Rantho soon felt God leading him to pursue theological education. He had visited Southwestern Seminary in 1998, when youth evangelist Louie Giglio invited him to a Passion conference in Fort Worth. Giglio, also a graduate of Southwestern Seminary, took Rantho on a tour of the seminary.

With the help of Fortenberry, Rantho sent an admissions application to Southwestern Seminary in the fall of 2001. The admissions office received his application, but immigration laws dictated that before the seminary could grant him admission Rantho had to explain how he would pay for his education.       

Rantho had saved and collected up enough money to pay only his travel expenses to Fort Worth. Again with Fortenberry’s help, Rantho sent out e-mails seeking support. One of the churches they emailed was Sandy Hook Baptist Church, which was also Fortenberry’s home church.

The Mississippi church immediately responded to the need. Within a week, it had committed to underwrite Rantho’s education. They have faithfully done so ever since.

At Southwestern Seminary, Rantho’s personal policy is simple.

“School is important,” Rantho said. “But it doesn’t replace people.”

Rantho develops his ministry skills by leading Bible studies each Wednesday evening at Christ Memorial Community Church of Fort Worth. He teaches Sunday school once each month and preaches when the opportunity arises.

Rantho has enrolled in the seminary’s spring evangelism practicum each of the past two years. Last year after preaching a revival in Wyoming, fellow practicum students selected Rantho for the Todd Brooks Riza Award. The award is awarded to the participant who other participants believe demonstrates genuine compassion for non-Christians.

“I should realize that I could die at any time,” Rantho said when he was presented with the award. “So I have to do my work of making disciples while God has still given me an opportunity.”

The practicum in Wyoming also showed Rantho that door-to-door evangelism is effective. After returning from the practicum Rantho and Mark Chen, a fellow student, decided to begin a ministry in the communities surrounding the seminary.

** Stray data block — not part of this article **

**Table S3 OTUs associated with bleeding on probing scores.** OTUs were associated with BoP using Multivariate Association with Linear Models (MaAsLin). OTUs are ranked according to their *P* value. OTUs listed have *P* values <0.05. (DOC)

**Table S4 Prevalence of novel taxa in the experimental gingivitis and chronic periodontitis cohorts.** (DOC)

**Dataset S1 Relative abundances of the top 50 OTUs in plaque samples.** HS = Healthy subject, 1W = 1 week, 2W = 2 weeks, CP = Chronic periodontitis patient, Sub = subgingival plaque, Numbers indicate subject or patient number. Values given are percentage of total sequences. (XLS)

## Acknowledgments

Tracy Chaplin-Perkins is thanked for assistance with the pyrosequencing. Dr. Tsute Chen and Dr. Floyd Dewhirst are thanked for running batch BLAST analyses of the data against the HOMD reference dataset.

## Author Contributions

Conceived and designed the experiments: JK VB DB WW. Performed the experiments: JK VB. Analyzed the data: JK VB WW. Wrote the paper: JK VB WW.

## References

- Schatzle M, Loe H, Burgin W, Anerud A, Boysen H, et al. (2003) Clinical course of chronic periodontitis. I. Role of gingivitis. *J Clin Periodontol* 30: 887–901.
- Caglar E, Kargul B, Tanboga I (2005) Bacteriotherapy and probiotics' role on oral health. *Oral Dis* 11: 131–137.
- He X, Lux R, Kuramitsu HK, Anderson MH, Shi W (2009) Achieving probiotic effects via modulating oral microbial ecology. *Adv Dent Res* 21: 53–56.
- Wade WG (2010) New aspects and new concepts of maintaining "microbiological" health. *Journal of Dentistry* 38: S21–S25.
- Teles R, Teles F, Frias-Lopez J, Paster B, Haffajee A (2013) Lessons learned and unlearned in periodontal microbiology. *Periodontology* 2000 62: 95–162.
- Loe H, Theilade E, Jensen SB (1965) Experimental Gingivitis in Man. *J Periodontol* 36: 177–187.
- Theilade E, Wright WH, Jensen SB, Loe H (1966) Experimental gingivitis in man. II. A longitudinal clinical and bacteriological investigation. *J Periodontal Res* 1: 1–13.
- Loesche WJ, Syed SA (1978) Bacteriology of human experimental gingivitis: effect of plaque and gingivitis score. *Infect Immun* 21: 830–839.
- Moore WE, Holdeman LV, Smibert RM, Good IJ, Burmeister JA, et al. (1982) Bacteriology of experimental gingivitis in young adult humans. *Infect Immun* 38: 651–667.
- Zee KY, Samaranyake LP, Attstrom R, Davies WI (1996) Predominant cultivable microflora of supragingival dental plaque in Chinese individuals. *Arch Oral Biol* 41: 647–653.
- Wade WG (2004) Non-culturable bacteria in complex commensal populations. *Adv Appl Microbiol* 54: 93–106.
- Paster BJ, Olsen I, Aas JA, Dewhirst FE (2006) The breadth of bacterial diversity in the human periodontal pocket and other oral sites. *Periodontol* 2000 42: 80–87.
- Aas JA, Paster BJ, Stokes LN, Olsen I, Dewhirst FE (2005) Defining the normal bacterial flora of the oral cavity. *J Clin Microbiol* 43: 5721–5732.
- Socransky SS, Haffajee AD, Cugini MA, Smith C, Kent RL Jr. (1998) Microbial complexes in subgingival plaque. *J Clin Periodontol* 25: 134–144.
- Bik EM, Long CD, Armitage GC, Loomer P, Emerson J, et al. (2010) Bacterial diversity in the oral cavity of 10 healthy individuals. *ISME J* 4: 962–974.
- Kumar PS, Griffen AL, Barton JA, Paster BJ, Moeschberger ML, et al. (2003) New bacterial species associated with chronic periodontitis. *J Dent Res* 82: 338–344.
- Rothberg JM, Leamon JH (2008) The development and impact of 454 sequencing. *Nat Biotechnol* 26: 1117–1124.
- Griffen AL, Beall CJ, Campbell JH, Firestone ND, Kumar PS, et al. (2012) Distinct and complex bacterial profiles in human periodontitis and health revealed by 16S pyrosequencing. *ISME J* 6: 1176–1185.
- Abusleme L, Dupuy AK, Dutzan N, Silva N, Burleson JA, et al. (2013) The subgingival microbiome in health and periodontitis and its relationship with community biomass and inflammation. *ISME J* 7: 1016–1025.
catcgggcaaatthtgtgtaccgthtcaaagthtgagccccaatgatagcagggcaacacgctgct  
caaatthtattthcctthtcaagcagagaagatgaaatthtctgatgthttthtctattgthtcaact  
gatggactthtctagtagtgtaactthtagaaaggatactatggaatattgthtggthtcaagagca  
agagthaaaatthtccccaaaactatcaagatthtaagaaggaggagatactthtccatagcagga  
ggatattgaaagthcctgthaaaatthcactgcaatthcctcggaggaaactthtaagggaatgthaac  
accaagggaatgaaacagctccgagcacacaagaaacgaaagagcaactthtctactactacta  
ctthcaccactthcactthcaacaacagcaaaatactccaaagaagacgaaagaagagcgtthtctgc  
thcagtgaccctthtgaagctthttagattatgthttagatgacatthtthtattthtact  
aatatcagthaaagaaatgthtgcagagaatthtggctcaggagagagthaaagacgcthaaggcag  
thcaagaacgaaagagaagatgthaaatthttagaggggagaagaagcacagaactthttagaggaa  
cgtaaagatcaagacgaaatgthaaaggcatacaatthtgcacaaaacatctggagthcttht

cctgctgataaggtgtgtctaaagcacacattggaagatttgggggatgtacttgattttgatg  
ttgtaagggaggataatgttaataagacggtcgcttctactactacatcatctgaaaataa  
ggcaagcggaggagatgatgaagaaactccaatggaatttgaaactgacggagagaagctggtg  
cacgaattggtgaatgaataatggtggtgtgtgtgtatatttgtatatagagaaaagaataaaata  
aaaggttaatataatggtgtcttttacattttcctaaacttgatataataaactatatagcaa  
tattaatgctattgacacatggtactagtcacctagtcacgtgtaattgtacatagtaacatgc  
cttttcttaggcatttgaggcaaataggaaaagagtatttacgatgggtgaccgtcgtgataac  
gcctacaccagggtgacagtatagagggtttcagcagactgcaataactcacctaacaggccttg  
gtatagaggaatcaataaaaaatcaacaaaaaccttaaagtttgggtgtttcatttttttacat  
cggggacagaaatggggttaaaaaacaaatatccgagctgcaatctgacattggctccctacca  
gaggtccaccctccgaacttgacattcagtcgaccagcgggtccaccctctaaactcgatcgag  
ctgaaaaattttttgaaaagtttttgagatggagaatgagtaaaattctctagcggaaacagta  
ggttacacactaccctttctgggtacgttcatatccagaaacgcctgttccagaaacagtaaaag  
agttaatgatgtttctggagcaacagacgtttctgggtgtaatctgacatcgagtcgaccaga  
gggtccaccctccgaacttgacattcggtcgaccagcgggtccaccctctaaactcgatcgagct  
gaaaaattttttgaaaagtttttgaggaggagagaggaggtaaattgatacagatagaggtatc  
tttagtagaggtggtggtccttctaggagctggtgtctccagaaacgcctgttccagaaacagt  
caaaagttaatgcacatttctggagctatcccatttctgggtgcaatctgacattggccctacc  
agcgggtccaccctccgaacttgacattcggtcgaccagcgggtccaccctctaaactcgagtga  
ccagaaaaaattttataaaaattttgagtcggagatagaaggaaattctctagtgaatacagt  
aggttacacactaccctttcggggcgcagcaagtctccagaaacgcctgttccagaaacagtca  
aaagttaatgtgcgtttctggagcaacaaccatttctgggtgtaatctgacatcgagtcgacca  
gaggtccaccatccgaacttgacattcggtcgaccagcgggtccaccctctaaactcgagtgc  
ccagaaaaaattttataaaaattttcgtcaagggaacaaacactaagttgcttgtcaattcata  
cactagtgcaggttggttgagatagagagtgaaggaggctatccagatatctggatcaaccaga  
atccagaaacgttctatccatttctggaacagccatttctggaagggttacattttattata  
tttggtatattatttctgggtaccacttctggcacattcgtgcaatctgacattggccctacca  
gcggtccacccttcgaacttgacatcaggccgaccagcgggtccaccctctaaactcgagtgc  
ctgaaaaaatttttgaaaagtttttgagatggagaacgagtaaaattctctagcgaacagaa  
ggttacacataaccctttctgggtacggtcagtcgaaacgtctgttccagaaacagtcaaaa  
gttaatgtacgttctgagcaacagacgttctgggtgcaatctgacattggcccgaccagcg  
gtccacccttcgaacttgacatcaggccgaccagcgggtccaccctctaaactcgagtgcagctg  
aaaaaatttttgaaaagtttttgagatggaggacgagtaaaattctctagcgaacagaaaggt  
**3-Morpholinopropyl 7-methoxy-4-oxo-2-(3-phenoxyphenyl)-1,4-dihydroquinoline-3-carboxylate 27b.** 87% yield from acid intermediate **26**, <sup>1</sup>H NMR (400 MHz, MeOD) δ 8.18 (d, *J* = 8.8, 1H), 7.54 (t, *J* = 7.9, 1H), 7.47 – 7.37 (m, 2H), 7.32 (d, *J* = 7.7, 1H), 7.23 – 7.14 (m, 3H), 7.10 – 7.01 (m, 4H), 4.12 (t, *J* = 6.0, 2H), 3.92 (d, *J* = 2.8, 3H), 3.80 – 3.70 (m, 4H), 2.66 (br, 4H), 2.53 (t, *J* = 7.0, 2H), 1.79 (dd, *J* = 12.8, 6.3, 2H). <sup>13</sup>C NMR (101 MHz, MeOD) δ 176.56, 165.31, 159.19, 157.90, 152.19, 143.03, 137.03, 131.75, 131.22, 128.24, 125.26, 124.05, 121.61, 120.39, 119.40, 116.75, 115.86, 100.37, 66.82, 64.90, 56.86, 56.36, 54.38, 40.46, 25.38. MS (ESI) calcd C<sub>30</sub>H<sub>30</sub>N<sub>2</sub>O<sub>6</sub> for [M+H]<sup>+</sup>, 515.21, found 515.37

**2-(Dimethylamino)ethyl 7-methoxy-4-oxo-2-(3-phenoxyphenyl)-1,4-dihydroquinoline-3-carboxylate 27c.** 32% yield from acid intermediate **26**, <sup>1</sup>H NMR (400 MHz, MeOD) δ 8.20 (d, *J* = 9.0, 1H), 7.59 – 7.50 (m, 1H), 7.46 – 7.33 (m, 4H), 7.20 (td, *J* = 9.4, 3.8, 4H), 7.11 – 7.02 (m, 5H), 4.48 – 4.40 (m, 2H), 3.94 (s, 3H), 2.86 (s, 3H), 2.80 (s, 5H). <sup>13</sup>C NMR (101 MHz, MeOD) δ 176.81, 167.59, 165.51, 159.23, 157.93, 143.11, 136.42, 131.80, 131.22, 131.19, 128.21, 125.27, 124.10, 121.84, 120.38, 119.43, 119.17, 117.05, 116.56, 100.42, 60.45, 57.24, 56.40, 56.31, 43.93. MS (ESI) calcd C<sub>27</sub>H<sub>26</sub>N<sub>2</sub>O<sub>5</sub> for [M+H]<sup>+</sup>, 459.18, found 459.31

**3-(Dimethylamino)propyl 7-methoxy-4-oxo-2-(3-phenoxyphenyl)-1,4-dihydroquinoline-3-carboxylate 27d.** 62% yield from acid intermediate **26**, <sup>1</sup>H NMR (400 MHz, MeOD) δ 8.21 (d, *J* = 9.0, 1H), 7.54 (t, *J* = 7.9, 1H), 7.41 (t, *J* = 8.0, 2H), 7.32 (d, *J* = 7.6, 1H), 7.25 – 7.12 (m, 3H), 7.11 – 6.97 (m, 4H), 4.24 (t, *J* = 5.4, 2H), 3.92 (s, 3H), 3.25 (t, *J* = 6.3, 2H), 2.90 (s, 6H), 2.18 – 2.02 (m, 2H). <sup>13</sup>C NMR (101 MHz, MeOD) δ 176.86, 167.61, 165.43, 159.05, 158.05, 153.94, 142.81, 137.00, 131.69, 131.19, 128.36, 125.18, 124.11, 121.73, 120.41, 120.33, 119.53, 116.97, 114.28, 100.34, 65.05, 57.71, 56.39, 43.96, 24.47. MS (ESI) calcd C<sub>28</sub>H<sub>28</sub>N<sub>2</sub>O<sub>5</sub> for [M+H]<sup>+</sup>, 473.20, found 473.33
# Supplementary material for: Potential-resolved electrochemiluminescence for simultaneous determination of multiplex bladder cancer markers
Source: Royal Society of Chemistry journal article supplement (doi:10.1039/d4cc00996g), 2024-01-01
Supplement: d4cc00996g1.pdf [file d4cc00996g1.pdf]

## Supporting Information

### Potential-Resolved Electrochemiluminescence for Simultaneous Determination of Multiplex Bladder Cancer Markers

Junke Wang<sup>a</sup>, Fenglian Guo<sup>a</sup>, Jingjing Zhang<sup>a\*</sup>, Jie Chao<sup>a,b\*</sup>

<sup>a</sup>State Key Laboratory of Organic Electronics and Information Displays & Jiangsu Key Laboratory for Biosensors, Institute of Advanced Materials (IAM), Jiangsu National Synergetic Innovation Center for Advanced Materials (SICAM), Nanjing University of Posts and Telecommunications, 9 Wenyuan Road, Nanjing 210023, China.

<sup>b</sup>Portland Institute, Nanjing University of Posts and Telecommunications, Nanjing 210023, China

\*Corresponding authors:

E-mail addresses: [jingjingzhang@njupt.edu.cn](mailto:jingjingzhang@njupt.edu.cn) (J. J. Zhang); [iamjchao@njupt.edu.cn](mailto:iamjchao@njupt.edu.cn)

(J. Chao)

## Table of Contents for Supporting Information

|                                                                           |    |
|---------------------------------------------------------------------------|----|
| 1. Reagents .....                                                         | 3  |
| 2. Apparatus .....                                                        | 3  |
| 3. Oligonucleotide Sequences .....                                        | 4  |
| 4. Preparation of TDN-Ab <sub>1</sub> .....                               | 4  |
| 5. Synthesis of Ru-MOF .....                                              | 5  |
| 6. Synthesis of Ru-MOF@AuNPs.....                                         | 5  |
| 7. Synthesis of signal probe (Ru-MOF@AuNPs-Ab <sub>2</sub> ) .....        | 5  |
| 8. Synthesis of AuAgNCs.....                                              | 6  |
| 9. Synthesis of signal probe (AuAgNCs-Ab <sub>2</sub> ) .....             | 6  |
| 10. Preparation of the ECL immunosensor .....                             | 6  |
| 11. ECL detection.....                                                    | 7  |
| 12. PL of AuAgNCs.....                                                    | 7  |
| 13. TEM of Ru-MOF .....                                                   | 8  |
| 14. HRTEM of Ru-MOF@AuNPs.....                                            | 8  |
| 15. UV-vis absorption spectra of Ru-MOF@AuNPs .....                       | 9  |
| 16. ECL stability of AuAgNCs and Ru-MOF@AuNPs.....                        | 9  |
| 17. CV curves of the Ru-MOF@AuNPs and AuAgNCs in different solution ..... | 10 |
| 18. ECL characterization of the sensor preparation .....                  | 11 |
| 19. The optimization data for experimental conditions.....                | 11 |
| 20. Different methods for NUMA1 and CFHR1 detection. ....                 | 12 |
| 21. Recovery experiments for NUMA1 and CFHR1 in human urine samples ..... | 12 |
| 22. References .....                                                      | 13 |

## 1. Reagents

Despite a 12-hour class load, Rantho prayer-walked through the neighborhoods with Chen each evening during the summer of 2004. In the fall, the men gained a comrade in the ministry, George Haas, another seminary student. The three men began to evangelize from door-to-door. As the ministry grew, they asked residents if they would like to begin Bible studies in their homes.

Rantho’s neighborhood ministry, which began with a core of three men, now has as many as 15 volunteers.

“We go out, and some Saturdays we come back empty-handed; some Saturdays we come back praising the Lord: one, two, three people … saved,” Rantho said.

Rantho will continue his education at the seminary, working toward a master of divinity degree in the coming years. He will take a semester off in the fall of 2006 to respond to a request from his churches in Botswana. However, he hopes to finish his degree in 2007 and return to Botswana to plant and develop churches.

“In Botswana, people are hungry for the gospel,” Rantho said. He also said that there are too few church leaders, a fact which motivates him to study.

“I see myself planting more churches, and opening a small training center in the mother church to train leaders so that … when you plant a church, you already have a leader,” Rantho said. This method might take years for the church planting students to complete because they will only be able to attend classes on Saturdays.

“These church planters must work during the week,” Rantho said.

But Rantho is undaunted and confident that he is fulfilling the call God has put before him.